Monday, December 13, 2004


Deborah Coddington, in criticising the fact that only half of university students complete their qualification, says that we have a "snobby attitude" toward university study. But her idea of snobbery is a little strange:

"University is not for everyone. We're screaming out for tradespeople, yet people are being told to go to university."

While I agree with her underlying attitude that some at uni would indeed be better off taking a trade, it's certainly not snobbish to encourage people to pursue the opportunities open to them. Except in the original sense that people sine nobilitate are being allowed to share the same opportunities as their "betters".

I'm also surprised that Coddington, an ACT MP, shows so little faith in the market. According to market dogma, skill surpluses and shortages should simply result in changes in wages and salaries, thus signalling which educational direction people should pursue. Coddington's complaint is either an admission that this mechanism is not working satisfactorily (undermining the whole ACT program), or that she simply wants cheaper plumbers, and the market be damned.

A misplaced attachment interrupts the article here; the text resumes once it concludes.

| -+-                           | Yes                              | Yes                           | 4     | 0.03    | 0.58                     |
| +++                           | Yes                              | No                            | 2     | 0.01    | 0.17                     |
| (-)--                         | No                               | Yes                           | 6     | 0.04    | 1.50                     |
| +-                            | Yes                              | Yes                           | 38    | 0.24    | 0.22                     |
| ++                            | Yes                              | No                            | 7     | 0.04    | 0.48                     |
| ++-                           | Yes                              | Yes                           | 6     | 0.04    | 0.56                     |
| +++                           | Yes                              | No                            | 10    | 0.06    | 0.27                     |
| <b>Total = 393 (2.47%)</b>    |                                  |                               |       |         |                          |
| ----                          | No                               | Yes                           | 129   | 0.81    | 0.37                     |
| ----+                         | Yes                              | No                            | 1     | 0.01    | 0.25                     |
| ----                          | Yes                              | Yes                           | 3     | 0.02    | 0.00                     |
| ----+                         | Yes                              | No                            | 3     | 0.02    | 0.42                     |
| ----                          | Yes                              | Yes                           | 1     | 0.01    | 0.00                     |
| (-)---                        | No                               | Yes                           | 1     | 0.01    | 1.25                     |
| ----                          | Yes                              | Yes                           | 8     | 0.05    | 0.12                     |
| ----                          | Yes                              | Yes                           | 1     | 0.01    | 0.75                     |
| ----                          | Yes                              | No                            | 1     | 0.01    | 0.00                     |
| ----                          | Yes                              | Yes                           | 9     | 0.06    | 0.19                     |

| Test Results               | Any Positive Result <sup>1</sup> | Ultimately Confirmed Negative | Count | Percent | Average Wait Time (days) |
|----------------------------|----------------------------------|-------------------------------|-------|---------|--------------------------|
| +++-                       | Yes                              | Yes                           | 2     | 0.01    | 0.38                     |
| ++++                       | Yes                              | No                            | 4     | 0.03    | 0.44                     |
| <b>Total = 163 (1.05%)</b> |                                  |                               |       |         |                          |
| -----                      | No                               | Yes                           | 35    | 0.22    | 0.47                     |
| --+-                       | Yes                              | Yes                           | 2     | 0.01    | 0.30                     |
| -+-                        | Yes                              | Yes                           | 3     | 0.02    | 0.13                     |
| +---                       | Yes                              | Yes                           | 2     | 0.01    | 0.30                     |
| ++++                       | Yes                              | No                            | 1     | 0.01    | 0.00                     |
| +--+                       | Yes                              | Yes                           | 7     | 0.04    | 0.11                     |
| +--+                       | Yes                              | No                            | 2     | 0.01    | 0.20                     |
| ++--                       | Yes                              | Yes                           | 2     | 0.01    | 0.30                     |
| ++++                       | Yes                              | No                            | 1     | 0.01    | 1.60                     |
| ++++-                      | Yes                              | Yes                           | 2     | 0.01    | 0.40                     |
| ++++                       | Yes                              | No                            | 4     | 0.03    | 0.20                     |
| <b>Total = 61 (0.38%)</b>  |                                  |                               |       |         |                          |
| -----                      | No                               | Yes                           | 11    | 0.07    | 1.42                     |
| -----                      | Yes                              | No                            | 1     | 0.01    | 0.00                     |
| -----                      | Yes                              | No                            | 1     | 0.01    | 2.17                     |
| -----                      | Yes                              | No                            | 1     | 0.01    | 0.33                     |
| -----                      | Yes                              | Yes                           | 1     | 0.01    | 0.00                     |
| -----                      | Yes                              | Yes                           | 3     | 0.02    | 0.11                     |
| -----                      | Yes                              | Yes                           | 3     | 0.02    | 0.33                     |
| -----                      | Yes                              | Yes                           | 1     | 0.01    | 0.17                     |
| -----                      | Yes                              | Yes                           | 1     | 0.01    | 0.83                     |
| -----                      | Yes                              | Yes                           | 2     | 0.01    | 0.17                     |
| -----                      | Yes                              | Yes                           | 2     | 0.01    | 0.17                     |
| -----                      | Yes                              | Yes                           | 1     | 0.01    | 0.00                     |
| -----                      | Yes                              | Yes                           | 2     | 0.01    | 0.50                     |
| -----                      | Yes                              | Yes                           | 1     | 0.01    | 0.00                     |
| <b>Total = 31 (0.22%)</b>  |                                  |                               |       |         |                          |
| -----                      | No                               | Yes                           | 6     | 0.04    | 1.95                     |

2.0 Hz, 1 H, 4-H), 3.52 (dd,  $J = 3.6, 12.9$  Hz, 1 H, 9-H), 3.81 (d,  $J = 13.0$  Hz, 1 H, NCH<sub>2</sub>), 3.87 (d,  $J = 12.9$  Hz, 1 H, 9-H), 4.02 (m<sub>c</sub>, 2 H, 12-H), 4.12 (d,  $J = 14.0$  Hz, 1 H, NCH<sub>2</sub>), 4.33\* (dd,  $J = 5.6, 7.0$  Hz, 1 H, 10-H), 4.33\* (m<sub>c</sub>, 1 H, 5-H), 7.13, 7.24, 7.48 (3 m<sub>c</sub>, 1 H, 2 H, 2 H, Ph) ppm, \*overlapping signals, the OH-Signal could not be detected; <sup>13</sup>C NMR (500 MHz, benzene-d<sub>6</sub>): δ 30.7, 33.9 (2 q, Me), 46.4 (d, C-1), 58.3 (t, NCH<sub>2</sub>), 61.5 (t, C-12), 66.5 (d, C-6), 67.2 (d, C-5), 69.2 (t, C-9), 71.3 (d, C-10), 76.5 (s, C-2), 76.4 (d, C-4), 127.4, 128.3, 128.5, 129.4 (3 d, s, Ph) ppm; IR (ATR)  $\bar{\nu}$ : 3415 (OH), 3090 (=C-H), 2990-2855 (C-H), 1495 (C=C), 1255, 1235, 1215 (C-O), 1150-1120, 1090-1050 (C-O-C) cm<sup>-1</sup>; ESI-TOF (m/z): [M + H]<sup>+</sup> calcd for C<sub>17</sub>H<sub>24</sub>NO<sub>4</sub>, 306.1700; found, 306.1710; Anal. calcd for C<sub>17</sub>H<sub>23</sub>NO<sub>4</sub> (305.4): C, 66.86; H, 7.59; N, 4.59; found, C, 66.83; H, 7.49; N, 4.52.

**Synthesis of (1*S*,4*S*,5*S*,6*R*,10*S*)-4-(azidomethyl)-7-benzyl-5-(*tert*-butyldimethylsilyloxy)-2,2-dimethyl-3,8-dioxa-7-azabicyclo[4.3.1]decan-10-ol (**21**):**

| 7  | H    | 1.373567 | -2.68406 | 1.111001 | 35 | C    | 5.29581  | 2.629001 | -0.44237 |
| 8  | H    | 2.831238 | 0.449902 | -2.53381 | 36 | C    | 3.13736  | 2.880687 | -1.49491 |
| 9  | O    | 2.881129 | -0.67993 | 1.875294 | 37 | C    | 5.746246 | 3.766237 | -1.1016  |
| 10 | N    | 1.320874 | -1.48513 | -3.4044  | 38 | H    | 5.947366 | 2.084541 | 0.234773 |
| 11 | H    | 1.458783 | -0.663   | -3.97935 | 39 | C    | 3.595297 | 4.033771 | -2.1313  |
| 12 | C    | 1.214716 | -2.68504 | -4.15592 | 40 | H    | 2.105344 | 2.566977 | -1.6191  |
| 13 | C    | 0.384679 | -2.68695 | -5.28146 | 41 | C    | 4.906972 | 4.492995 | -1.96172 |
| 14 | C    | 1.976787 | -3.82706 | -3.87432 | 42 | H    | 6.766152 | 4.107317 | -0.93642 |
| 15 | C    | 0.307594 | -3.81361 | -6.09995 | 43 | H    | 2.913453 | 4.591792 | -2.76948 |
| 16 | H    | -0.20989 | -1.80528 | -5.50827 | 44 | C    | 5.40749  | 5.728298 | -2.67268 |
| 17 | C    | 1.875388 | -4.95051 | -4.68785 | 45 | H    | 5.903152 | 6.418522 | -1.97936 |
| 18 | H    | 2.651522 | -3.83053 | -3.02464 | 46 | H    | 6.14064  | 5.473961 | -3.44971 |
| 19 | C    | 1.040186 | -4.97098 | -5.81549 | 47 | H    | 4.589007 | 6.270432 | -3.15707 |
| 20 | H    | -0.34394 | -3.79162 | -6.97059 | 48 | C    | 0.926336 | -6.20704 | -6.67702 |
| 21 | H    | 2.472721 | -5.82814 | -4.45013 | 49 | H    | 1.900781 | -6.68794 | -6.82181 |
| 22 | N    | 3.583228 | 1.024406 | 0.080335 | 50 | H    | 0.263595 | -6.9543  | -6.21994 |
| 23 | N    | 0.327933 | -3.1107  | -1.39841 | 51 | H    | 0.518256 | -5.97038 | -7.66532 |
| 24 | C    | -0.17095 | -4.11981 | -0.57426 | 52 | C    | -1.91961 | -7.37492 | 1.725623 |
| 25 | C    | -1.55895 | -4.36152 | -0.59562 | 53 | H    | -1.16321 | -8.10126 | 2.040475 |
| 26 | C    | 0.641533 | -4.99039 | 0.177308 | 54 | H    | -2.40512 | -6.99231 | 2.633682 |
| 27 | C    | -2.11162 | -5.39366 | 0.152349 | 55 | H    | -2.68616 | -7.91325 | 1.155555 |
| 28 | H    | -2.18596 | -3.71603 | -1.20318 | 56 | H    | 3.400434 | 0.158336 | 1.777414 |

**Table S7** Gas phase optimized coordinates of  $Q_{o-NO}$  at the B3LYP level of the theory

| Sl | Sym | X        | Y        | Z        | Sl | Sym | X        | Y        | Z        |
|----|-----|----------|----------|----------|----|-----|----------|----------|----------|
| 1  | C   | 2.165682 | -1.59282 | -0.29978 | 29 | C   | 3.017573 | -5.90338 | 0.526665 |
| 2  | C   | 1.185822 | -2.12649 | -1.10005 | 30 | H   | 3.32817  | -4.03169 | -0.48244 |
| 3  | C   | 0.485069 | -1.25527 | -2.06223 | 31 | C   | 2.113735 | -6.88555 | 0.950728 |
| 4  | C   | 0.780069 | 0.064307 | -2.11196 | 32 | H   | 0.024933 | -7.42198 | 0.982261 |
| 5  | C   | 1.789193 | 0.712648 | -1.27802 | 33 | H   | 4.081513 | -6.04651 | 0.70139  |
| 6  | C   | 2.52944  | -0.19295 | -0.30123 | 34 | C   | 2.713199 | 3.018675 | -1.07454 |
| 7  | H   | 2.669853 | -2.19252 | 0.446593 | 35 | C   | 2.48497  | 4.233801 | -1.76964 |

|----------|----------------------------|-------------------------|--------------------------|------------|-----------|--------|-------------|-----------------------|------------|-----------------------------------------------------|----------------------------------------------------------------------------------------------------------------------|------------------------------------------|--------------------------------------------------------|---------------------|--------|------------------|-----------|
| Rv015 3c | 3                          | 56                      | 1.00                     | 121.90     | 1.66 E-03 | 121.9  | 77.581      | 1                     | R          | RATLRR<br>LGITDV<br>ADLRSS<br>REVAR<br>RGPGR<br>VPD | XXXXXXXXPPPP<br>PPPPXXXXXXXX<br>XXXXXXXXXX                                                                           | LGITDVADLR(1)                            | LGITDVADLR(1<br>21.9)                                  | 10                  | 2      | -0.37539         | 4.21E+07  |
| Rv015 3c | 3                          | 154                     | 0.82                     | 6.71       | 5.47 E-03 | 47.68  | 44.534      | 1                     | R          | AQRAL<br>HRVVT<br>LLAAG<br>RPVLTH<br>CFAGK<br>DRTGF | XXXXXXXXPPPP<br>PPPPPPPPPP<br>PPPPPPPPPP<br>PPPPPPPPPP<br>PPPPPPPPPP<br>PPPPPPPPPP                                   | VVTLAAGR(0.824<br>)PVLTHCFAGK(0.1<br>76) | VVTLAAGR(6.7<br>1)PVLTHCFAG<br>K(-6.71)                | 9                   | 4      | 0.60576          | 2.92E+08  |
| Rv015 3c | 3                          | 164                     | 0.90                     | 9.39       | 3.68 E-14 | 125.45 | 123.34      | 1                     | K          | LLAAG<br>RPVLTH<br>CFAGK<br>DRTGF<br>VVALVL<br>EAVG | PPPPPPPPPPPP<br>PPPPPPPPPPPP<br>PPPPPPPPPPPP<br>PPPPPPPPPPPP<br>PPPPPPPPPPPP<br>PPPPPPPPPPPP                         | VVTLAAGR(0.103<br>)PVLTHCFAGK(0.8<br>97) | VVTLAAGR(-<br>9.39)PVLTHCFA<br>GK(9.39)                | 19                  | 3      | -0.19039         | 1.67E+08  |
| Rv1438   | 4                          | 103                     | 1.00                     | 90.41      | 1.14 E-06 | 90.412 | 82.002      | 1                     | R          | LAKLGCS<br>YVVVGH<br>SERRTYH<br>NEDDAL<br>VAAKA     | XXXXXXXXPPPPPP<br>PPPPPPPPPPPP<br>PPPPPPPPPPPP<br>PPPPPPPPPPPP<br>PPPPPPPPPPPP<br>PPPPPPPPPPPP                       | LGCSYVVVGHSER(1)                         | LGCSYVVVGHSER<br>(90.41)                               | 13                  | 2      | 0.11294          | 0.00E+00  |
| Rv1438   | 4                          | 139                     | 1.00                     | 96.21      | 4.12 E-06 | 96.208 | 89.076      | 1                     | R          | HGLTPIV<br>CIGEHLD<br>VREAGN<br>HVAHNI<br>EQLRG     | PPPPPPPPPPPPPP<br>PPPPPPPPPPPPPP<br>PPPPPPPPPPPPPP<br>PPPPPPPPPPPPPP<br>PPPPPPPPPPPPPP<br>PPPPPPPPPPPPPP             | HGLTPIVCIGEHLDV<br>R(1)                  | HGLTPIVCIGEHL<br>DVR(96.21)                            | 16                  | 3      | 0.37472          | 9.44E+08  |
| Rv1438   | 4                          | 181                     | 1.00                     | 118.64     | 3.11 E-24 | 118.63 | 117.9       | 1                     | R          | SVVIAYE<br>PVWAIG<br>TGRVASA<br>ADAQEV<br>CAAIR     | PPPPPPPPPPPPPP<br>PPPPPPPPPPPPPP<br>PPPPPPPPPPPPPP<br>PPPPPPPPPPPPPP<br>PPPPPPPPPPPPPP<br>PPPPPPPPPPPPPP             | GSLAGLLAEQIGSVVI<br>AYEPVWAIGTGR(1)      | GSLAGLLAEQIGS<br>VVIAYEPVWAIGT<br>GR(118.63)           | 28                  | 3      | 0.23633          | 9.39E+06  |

As for the substance of her complaint, it seems that New Zealand attainment rates are in line with international norms. It's not at all unusual for people to fail to complete tertiary study, for a number of reasons, and its no reflection on entry standards that people change their minds about what they want to do with their lives.